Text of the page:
Language of the Future
Posted: 11 November 2011 06:02 AM   [ Ignore ]
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Read this Salon article last night.  Thought I would share it.

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Posted: 11 November 2011 06:24 PM   [ Ignore ]   [ # 1 ]
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Read this Salon article last night.
---

How can I do that? I don’t have a time machine.

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Posted: 18 November 2011 06:58 AM   [ Ignore ]   [ # 2 ]
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donkeyhotay - 11 November 2011 06:02 AM

Read this Salon article last night.  Thought I would share it.

I think the article has it all wrong. With computerized translation, there will be no need to learn second languages in the future.

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Posted: 18 November 2011 08:02 AM   [ Ignore ]   [ # 3 ]
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Maybe in some future sci-fi world like Star Trek with its universal translators, but no one seriously believes that computers will be able to deliver rapid and context-specific translation in any future that we can reasonably foresee. For certain applications, like translating newspaper articles, we can reasonably expect pretty darn good translations within a decade, but for many uses, particularly conversation, we can’t expect computers to be anywhere near as good as humans.

Polysemy will simply defeat the computers. For example, I was just translating a medieval saint’s life from Latin and encountered the word miracula. This can be miracle, or it can be wonder, amazement, wondrous [thing], freak, freakish [person], or hideously ugly woman (plus probably a few other meanings I can’t think of). Does praedico mean to proclaim, to publish, to praise, to preach, to warn, to predict, to recommend, or to say beforehand? Which sense best fits a given context is not something a computer is going to be able to determine well. It can probably get pretty close, but for a really fine translation, you’ll need a human.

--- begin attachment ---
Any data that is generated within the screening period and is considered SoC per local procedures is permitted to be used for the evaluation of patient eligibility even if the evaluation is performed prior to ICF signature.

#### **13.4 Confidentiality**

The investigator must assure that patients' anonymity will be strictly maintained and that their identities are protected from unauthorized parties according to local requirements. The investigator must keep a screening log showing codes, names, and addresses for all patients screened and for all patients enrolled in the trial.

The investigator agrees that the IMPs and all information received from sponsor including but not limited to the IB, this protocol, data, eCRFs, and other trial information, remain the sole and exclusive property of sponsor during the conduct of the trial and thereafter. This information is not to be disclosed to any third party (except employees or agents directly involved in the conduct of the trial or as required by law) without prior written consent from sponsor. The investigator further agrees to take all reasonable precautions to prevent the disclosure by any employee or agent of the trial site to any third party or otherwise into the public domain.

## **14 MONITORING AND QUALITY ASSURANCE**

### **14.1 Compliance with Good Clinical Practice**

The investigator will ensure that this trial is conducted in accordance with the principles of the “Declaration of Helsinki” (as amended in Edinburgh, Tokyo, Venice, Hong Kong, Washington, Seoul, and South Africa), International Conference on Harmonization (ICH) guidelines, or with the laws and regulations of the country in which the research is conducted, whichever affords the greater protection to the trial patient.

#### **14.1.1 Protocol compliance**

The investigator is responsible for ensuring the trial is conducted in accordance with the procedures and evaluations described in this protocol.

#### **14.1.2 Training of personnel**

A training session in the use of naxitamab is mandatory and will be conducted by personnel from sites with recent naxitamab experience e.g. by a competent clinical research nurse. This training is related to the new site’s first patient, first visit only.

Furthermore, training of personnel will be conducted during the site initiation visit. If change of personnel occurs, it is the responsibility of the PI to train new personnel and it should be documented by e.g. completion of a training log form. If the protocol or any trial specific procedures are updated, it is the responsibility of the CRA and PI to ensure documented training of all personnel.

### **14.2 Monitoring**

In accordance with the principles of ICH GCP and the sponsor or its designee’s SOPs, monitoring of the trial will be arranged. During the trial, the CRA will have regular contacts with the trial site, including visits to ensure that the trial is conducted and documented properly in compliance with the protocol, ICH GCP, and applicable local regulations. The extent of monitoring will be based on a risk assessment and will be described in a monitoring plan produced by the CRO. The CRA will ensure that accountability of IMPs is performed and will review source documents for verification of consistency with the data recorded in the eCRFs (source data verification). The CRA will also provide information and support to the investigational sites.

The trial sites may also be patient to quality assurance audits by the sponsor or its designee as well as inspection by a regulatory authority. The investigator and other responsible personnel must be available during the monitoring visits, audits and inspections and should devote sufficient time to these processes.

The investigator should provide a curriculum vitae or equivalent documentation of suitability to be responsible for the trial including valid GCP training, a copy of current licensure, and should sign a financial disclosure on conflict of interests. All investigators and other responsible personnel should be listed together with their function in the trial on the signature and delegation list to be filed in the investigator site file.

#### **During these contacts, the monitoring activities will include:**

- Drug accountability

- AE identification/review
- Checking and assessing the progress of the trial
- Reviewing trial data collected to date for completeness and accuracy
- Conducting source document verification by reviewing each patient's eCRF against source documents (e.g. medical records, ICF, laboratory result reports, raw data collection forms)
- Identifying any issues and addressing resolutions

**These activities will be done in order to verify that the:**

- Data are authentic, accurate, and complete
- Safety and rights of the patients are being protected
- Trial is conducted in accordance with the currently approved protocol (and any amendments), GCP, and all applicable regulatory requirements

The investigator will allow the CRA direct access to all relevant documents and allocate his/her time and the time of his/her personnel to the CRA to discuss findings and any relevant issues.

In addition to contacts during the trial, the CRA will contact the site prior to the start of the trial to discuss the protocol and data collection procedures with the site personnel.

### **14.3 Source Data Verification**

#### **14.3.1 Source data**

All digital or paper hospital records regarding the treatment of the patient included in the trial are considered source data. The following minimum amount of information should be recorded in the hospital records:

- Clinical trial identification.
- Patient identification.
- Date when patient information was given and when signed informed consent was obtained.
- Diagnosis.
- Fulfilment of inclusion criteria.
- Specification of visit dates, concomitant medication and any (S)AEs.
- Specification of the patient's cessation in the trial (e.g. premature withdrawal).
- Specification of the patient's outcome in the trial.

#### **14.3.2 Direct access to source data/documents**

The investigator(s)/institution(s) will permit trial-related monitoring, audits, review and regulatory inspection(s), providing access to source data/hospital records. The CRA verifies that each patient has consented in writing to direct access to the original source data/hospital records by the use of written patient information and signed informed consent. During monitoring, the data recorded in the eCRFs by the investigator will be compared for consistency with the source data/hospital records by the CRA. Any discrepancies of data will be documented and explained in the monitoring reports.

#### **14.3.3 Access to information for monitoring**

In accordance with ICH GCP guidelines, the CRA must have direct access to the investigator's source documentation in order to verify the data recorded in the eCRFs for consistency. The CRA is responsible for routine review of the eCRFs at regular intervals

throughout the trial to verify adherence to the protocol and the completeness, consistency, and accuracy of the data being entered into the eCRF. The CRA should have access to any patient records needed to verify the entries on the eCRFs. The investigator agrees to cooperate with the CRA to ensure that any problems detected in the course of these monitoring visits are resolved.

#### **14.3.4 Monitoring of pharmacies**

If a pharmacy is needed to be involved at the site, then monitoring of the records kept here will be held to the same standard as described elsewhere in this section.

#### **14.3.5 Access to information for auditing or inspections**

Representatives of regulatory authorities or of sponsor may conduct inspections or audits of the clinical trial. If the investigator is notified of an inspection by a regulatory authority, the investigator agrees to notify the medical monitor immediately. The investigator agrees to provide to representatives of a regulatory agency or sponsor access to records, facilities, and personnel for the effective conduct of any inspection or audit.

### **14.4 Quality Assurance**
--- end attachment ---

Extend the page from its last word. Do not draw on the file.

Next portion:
Then there is translating handwritten documents and manuscripts.

And then there’s translating poetry and other literary works. That is an art and requires aesthetic judgment on the part of the translator. Not to mention that no matter how good the translator, it will not be same as the original. For example, Seamus Heaney is among the greatest of living poets, and he is an excellent scholar of Old English. But while his translation of Beowulf is a fine one, it just doesn’t compare to reading it in the original. The poem is so much more subtle, beautiful, and powerful in the original Old English.

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Posted: 18 November 2011 07:30 PM   [ Ignore ]   [ # 4 ]
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I know a professional translator and can attest to the fact that translating requires some major brain power.

Dave’s comment sort of, to me, suggests the issue of the Turing Test. If an artificial intelligence can convince a reasonably intelligent human being that it, too, is a human being, then it is as intelligent and self aware as a human being. Or something like that. Since language is probably one of those things that we human beings do best, then it would take an equally empowered computer to do the same.

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Posted: 18 November 2011 08:28 PM   [ Ignore ]   [ # 5 ]